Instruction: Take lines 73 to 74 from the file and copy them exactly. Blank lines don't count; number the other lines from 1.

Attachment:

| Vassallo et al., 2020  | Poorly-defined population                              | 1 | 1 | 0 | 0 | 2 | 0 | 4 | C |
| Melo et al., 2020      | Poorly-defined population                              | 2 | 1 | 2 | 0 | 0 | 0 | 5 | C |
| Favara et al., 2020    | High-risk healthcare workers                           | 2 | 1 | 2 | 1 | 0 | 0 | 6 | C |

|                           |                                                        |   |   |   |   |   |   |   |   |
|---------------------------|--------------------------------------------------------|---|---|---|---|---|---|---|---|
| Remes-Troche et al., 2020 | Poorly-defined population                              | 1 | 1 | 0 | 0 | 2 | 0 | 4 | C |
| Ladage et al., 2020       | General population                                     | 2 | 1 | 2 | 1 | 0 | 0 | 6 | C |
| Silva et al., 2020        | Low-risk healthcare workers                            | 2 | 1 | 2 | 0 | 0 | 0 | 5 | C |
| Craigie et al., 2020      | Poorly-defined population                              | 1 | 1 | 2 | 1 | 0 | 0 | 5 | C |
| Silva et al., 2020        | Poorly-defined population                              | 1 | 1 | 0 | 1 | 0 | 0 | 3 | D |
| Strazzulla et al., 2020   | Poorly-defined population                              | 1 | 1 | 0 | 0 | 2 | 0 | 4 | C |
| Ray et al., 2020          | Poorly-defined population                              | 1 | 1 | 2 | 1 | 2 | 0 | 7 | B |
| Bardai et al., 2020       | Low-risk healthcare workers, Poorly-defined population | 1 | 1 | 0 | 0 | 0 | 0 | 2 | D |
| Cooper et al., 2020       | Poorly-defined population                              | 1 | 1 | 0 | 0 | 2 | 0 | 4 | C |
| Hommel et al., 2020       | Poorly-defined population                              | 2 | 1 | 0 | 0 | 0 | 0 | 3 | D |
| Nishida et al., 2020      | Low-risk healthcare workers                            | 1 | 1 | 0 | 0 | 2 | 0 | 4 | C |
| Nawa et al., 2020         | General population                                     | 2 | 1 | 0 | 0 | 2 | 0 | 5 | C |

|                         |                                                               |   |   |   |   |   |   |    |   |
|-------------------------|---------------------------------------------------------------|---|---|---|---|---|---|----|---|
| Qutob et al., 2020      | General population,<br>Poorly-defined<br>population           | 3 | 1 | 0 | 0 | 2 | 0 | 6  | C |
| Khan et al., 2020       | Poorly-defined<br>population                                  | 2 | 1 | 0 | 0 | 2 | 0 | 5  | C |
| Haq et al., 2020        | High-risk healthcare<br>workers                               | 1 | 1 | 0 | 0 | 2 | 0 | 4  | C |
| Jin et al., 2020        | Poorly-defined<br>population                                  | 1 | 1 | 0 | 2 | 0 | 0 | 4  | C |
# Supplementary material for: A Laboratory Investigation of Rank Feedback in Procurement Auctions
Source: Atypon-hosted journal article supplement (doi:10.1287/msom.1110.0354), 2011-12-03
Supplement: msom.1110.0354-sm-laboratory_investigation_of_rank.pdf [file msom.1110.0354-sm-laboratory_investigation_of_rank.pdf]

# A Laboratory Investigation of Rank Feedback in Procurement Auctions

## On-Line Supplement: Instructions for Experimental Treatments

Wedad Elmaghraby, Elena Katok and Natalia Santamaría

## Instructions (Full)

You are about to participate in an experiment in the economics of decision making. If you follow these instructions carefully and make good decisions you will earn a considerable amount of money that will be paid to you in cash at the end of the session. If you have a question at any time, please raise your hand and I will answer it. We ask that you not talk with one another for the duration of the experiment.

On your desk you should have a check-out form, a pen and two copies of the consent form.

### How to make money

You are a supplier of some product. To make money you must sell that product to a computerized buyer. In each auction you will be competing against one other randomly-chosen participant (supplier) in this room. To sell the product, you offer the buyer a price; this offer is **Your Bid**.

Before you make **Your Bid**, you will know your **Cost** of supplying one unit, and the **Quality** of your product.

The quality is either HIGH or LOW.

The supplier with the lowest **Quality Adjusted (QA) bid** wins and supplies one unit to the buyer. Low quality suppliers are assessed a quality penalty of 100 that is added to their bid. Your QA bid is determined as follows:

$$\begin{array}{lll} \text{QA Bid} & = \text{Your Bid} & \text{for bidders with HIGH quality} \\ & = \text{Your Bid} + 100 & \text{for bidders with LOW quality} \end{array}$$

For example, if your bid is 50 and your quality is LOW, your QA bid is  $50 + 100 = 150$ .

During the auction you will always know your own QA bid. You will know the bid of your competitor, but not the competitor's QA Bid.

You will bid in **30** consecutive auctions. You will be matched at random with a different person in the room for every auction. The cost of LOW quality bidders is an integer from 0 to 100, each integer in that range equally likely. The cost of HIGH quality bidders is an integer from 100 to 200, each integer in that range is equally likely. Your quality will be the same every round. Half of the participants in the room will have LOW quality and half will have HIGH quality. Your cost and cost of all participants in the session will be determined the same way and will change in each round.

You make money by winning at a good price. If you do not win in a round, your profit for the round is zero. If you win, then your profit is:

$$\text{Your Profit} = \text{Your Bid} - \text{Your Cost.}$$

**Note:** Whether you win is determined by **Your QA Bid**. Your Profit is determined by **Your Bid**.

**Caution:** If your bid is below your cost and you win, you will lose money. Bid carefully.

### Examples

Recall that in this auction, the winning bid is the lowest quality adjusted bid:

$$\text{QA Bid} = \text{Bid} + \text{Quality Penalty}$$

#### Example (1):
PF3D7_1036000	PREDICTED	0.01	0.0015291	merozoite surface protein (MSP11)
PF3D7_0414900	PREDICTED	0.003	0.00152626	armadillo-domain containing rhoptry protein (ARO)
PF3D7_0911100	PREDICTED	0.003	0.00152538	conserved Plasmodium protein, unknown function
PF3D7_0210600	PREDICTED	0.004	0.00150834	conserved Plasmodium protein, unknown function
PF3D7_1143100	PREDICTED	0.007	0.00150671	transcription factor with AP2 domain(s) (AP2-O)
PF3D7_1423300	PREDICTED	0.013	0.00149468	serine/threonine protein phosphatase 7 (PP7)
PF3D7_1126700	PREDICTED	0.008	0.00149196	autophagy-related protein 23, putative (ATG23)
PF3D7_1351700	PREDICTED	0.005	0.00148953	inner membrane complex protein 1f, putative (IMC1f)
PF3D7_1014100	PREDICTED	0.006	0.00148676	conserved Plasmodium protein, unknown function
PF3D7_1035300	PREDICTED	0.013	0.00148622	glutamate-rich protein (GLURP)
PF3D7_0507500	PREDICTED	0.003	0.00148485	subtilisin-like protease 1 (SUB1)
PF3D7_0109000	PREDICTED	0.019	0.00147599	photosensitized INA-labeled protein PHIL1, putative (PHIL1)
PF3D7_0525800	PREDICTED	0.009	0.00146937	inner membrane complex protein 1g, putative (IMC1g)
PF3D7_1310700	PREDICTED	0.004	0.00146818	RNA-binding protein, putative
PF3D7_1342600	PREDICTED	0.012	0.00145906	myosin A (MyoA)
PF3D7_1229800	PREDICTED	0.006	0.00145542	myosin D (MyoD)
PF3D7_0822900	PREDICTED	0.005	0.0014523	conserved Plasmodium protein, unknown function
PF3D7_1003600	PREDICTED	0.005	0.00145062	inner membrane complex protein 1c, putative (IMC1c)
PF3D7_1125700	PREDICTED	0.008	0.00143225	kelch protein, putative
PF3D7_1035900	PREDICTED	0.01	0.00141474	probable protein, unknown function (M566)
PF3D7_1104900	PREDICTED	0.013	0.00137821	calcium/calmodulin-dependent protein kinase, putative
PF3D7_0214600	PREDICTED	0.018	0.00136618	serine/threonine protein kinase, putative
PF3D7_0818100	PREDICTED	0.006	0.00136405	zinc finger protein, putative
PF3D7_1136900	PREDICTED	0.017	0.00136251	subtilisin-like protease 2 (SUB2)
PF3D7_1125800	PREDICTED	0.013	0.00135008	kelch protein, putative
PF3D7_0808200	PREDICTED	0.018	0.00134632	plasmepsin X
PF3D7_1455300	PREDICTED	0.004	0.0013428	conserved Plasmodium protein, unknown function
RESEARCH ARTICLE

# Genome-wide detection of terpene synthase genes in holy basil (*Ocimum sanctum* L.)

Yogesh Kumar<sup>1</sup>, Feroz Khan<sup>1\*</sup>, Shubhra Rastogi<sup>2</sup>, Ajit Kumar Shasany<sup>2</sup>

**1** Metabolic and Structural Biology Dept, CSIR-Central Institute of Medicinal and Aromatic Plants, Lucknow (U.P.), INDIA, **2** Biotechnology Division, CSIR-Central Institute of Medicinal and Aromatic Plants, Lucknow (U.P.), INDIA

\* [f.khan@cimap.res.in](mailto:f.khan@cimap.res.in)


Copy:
PF3D7_1136900	PREDICTED	0.017	0.00136251	subtilisin-like protease 2 (SUB2)
PF3D7_1125800	PREDICTED	0.013	0.00135008	kelch protein, putative